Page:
When it comes to developing an online platform design is a key consideration. And this includes all of the different factors of the site, not just the overall design or feel of the site. Even small design choices such as icons can have a big impact on usability, user behaviour and even something as untrackable as the feel of the site.

With that in mind, here are some of the pros and cons of carefully considering your icon use in both app and website design.

What are Icons?

Icons are, in simple terms, an image which is used to communicate something to users.

The form of an icon can take many different shapes, all with a unique message encoded into it. Ideally, they are easy to remember and universally recognisable. Of course, in ancient times the use of icons was the basis of all languages. So our movement towards this more visual form of communication is perhaps not that much of a surprise.

The use of icons in modern web and app design is almost second-nature, as certain icons have become standardised. However, if you are considering the use of icons in your next project and how to apply them, then it is important to consider a few important factors. Especially in terms of the usability and UX side of icon use.

Icons for Websites and Apps

Icons for Usability

The most common implementation of icons on a website or app is for usability factors. It is surprising how much harder a site can be to navigate without recognised icons in place, an issue which is only exasperated further with apps. The overall use of icons can have a number of important benefits for the overall UX of your site or app.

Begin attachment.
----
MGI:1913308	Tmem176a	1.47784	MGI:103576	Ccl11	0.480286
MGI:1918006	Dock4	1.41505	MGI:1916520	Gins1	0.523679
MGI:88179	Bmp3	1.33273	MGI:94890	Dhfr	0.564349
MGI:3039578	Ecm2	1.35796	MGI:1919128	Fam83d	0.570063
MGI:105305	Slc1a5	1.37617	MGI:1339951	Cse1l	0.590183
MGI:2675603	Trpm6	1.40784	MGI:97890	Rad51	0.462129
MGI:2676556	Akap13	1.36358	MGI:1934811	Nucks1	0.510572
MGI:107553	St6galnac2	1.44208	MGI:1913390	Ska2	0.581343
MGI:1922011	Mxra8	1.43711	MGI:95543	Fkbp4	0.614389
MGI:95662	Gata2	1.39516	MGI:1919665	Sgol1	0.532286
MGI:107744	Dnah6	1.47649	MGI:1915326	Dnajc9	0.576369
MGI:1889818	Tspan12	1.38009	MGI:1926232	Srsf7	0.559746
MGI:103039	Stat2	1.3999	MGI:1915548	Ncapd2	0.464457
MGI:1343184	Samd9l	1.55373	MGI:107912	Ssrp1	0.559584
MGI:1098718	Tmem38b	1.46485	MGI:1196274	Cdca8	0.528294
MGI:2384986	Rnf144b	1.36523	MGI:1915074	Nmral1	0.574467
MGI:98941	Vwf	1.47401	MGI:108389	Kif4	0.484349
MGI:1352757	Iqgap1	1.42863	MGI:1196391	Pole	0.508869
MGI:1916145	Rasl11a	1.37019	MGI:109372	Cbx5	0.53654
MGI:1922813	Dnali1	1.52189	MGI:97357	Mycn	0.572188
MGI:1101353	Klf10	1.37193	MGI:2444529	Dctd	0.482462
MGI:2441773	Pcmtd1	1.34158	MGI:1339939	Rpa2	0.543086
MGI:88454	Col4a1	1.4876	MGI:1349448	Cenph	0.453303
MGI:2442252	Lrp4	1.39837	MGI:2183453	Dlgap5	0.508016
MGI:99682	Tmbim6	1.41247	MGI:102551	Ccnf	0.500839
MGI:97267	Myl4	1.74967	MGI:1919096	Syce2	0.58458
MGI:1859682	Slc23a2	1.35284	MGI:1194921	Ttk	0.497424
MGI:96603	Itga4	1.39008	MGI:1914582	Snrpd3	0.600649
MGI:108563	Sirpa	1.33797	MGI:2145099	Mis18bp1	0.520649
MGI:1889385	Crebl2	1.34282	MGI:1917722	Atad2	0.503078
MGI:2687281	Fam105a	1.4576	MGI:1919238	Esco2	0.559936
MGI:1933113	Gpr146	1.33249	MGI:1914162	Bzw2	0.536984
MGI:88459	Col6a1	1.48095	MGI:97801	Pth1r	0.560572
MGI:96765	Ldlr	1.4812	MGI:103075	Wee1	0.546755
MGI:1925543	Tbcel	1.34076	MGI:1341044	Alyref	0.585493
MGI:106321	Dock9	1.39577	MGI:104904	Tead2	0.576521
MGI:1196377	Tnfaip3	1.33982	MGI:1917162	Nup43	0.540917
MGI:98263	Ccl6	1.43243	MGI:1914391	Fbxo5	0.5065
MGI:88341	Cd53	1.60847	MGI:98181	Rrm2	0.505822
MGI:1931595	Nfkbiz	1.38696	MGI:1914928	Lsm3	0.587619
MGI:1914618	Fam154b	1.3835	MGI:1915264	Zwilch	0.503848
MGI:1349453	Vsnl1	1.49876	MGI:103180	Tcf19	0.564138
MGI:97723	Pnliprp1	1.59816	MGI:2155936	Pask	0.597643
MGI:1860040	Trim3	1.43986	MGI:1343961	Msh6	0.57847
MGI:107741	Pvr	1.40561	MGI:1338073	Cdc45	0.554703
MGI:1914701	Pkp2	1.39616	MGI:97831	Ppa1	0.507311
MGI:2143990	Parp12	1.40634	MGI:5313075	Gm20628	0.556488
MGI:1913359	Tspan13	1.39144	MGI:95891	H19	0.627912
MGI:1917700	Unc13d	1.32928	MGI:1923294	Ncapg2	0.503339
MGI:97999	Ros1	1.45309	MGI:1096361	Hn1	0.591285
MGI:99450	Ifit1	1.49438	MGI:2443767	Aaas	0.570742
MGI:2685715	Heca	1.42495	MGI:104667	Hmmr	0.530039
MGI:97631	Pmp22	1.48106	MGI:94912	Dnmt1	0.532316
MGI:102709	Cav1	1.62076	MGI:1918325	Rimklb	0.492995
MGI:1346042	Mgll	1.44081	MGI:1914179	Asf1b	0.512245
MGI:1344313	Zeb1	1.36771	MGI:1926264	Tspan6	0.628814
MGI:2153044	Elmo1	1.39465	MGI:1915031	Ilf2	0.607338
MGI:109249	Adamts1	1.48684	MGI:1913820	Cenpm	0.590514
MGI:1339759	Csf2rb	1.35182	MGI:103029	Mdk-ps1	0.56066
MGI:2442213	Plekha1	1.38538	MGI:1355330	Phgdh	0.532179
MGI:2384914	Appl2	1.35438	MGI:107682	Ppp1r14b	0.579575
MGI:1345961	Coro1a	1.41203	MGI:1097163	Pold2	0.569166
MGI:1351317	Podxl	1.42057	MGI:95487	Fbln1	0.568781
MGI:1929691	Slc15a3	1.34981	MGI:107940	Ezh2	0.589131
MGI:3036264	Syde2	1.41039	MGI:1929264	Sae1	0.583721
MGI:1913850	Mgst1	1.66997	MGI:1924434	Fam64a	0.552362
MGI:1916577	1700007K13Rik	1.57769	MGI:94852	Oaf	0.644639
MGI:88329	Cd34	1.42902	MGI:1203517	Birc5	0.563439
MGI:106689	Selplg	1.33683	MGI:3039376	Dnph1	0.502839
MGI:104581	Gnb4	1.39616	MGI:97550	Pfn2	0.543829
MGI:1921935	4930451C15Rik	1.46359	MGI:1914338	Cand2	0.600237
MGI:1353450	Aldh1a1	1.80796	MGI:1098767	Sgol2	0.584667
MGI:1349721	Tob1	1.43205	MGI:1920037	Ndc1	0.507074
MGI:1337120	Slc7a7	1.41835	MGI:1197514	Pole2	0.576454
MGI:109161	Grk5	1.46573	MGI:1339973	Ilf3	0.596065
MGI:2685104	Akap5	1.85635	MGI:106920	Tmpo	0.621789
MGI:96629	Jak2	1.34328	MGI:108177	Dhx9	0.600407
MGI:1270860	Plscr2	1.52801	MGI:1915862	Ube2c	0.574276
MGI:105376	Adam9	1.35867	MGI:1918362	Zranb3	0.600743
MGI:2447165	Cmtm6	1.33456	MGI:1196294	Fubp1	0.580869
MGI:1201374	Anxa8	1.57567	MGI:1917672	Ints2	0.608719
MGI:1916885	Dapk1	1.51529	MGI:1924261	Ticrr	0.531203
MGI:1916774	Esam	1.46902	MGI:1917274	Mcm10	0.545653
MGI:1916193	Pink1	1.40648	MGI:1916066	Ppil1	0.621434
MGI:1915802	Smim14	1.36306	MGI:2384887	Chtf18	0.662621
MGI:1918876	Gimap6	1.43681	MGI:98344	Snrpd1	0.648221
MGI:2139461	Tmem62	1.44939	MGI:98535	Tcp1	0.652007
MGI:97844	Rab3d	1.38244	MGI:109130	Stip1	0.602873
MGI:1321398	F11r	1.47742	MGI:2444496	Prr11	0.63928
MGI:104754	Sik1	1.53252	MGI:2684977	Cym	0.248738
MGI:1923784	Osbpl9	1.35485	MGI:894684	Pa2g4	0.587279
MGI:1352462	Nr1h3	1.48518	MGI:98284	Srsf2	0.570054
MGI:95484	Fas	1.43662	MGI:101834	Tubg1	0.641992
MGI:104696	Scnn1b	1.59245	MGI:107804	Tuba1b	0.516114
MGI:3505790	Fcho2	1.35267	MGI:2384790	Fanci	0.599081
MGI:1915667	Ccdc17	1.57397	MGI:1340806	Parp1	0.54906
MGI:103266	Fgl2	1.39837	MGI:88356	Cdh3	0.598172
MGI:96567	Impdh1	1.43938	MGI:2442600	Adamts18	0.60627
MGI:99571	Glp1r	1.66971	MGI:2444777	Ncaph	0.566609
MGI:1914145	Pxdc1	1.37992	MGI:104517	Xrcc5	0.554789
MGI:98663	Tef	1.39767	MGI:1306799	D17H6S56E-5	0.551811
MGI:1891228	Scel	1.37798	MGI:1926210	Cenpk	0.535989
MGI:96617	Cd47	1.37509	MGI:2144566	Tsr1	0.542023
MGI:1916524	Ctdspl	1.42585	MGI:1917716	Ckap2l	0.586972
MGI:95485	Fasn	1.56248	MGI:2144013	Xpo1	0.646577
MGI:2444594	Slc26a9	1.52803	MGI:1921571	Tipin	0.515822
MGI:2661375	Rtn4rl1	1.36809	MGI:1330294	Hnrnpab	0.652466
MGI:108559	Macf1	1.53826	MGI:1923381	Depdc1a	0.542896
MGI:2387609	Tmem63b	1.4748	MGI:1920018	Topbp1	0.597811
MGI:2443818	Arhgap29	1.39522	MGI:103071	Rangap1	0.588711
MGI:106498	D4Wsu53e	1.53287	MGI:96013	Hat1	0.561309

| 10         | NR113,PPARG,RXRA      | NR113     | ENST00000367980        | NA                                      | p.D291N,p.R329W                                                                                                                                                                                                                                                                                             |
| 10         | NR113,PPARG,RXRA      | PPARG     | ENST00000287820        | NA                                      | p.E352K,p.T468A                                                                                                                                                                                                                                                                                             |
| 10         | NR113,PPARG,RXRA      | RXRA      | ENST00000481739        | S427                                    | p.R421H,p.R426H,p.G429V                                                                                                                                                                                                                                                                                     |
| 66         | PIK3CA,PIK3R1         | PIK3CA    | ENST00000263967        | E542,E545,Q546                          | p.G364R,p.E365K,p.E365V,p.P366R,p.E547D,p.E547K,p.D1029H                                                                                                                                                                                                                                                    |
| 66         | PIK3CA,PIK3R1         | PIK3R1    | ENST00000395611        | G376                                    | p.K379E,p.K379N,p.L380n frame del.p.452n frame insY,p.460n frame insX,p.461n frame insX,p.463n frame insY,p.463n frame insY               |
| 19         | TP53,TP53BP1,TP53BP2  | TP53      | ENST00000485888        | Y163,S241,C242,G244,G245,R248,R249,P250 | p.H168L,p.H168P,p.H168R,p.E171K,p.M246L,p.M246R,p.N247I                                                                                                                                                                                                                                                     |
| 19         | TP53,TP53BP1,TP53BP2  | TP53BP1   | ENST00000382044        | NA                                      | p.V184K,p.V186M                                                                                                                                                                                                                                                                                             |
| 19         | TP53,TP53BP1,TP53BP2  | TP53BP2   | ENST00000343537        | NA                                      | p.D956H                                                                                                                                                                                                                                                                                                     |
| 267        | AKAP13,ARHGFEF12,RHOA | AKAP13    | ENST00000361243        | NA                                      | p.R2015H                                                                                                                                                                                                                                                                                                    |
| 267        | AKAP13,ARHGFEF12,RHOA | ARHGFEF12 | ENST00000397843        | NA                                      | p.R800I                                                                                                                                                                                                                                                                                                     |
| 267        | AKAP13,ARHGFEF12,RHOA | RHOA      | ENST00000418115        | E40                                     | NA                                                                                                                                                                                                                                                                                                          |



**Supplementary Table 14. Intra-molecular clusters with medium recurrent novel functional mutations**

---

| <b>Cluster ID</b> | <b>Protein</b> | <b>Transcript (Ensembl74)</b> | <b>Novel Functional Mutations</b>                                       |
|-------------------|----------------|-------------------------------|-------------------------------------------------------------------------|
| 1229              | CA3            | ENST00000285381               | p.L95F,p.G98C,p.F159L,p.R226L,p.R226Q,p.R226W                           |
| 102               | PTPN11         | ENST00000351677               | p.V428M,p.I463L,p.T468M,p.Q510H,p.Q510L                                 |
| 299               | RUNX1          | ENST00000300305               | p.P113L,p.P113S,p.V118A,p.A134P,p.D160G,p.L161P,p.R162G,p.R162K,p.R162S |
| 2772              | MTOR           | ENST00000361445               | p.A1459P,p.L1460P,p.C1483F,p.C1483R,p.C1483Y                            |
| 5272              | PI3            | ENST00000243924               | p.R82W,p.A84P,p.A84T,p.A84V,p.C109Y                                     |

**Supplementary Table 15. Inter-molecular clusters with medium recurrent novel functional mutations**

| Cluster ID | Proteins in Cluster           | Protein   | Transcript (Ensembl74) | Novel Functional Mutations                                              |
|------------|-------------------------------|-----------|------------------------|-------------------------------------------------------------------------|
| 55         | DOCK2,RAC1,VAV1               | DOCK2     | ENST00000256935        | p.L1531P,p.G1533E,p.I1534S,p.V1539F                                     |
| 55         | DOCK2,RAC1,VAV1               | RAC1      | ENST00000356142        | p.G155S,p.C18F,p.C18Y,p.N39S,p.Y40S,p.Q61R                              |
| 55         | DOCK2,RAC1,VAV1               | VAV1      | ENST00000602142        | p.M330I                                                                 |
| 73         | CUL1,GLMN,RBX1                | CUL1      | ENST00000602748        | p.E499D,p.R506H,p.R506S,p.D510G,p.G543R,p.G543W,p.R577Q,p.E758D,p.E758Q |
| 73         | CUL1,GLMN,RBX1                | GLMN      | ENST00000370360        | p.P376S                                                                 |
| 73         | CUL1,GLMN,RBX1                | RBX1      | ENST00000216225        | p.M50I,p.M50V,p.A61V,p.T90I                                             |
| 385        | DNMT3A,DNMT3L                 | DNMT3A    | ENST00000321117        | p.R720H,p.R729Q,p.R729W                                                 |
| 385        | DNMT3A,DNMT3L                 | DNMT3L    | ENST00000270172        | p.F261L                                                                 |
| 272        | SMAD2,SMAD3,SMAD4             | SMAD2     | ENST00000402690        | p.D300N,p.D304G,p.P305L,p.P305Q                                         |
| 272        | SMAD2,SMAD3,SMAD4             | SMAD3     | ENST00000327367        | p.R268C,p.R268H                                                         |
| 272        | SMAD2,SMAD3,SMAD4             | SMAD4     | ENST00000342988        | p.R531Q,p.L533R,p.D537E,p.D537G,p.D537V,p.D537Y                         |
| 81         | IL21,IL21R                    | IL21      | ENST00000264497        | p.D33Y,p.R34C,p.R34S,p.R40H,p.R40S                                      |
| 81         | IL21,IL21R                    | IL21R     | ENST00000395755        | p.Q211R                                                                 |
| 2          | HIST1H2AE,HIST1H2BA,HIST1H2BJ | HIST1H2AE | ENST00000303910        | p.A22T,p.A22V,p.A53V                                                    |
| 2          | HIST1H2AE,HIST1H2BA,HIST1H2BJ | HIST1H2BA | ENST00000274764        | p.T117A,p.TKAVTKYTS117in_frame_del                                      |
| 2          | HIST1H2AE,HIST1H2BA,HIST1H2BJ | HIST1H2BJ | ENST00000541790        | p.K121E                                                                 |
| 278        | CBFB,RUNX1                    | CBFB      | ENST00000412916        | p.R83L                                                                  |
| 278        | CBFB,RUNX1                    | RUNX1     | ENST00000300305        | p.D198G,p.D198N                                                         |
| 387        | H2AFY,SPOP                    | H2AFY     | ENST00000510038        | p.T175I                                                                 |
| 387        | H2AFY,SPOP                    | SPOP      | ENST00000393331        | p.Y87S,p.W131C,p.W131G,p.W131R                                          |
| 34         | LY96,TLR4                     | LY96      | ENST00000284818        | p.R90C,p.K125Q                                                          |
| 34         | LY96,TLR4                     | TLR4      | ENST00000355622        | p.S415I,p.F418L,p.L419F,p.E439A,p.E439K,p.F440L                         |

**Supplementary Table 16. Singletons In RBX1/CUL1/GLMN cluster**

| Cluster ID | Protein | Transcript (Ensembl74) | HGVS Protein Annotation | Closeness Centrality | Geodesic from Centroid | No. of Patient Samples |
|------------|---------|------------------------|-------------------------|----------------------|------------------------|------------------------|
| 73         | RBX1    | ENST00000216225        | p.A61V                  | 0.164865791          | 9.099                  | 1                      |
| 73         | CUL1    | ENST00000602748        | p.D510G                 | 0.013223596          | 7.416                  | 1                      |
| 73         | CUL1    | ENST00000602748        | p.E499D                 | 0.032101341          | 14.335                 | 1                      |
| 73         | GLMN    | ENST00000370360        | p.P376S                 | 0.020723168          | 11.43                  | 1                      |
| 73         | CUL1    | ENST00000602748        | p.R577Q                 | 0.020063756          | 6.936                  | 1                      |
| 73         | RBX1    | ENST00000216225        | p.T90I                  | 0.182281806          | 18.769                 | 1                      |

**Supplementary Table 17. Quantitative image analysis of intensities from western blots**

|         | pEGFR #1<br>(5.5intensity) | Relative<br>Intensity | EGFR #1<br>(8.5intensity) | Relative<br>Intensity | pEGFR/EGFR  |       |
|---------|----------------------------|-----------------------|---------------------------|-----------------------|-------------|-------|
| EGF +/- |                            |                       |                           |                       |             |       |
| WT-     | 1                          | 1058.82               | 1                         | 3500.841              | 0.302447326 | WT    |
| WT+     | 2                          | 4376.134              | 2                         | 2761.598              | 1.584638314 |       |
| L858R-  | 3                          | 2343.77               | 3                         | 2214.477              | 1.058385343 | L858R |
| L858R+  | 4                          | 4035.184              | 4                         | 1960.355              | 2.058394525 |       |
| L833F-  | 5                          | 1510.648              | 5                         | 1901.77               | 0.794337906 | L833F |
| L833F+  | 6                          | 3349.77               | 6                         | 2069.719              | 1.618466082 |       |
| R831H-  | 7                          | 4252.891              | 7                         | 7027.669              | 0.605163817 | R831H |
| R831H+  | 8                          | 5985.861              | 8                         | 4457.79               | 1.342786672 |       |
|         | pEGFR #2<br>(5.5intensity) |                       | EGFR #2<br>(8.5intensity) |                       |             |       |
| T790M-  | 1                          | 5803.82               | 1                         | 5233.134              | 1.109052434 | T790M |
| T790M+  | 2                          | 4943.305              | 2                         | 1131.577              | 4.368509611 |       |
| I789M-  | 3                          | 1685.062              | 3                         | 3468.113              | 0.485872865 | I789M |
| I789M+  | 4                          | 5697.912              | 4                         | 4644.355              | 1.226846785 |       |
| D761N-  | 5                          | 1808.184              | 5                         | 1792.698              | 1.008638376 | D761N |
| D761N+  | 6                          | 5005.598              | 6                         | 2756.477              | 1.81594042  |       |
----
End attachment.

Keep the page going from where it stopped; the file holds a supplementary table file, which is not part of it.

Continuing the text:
Summarizing Content

One of the key uses of icons is the ability to sum up a piece of content. Rather than place saying the words “call us”, you can input a simple phone icon in its place. The use of this in your design can help to simplify and push users for better conversion rates. When you use icons in an app, it can also help to save space - which can be especially important on apps where users will not be using bigger screens.

Attention Drawing

If you want to draw particular attention to a space on your website or app, especially to drive conversions, then an icon is the ideal way to do so. Images also help to draw our attention and keep it; as too much text can be boring for users (causing high bounce rates). If a picture is worth a thousand words, then, icons must be worth a good four-hundred-and-fifty.

For example, on mobile having the house symbol to indicate the home page is a recognisable method of site navigation. If you replaced this, for whatever reason, then you have to prepare for the possibility that users may find your site hard to navigate. Which may draw their attention for the wrong reasons. Keep it attention-grabbing, but also keep it recognizable and you will have succeeded in the perfect use of icons for your project.